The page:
NASA's Hubble Telescope Shows Milky Way is Destined for Head-On Collision

on Wednesday, 30 November 2016.

There really won't be a big bang!

Throughout the year, during most of our public and private programs, we manage to view M31, the Andromeda Galaxy, at the Oregon Observatory.  The staff member manning the telescope viewing our neighboring galaxy explains something like:  “the M31 galaxy or Andromeda galaxy is our closest visible neighboring galaxy. Andromeda is about two and a half million light years away and is approaching our Milky Way at about 250,000 miles per hour.  The two galaxies are due to collide in about 5 billion years.”  Sometimes the staff member may go on and explain more or answer questions about this fact.  The guest makes appropriate astonished remarks and moves on to another object.

The brief discussion with our visitors is actually echoing the barest minimum of a very complex and fascinating phenomenon that is being studied carefully and intensively by astronomers the world over.

NASA’s official online home to the Hubble Space Telescope is called HubbleSite.  Recently, HubbleSite published a detailed description of the pending collision between the Milky Way and the Andromeda galaxy.  According to the article: “NASA astronomers announced … they can now predict with certainty the next major cosmic event to affect our galaxy, sun, and solar system: the titanic collision of our Milky Way galaxy with the neighboring Andromeda galaxy…The Milky Way is destined to get a major makeover during the encounter, which is predicted to happen four billion years from now.  It is likely the sun will be flung into a new region of our galaxy, but our Earth and solar system are in no danger of being destroyed.”

NASA also produced what is considered an accurate depiction of what the collision event will look like using “painstaking Hubble Space Telescope measurements of the motion of Andromeda.”  Computer simulations of Hubble data show that the collision will begin in about four billion years with an additional two billion years before the two galaxies will totally merge.

“Although the galaxies will plow into each other, stars inside each galaxy are so far apart that they will not collide with other stars during the encounter. However, the stars will be thrown into different orbits around the new galactic center. Simulations show that our solar system will probably be tossed much farther from the galactic core than it is today.”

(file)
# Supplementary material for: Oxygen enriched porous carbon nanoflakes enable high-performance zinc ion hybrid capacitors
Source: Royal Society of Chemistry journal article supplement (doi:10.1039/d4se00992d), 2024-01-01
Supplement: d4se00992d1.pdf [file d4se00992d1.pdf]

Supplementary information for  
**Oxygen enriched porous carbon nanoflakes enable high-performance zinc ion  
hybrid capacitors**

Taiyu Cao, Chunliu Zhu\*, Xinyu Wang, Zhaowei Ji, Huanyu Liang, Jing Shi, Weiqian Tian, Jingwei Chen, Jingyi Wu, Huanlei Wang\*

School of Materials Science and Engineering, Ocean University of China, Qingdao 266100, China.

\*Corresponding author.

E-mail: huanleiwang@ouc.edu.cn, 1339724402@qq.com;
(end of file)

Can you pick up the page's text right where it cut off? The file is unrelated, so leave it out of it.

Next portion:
HubbleSite has produced a video that includes an animated simulation of the collision between the Milky Way and Andromeda. The photos graphically show us what it is likely to look like from the vantage point of earth.

“This illustration sequence depicts the collision of the Milky Way (right) and Andromeda galaxies and shows the predicted merger between our Milky Way galaxy and the neighboring Andromeda galaxy.”
First Row, Left: Present day.
First Row, Right: In 2 billion years the disk of the approaching Andromeda galaxy is noticeably larger.
Second Row, Left: In 3.75 billion years Andromeda fills the field of view.
Second Row, Right: In 3.85 billion years the sky is ablaze with new star formation.
Third Row, Left: In 3.9 billion years, star formation continues.
Third Row, Right: In 4 billion years Andromeda is tidally stretched and the Milky Way becomes warped.
Fourth Row, Left: In 5.1 billion years the cores of the Milky Way and Andromeda appear as a pair of bright lobes.
Fourth Row, Right: In 7 billion years the merged galaxies form a huge elliptical galaxy, its bright core dominating the nighttime sky.
(Credit: NASA; ESA; Z. Levay and R. van der Marel, STScI; T. Hallas, and A. Mellinger)

 

More information on this and much more Hubble Space Telescope news and photos may be found at the HubbleSite.org.   The animated version of the pictured sequence may be found at this link: http://hubblesite.org/news/2012/20 .

 

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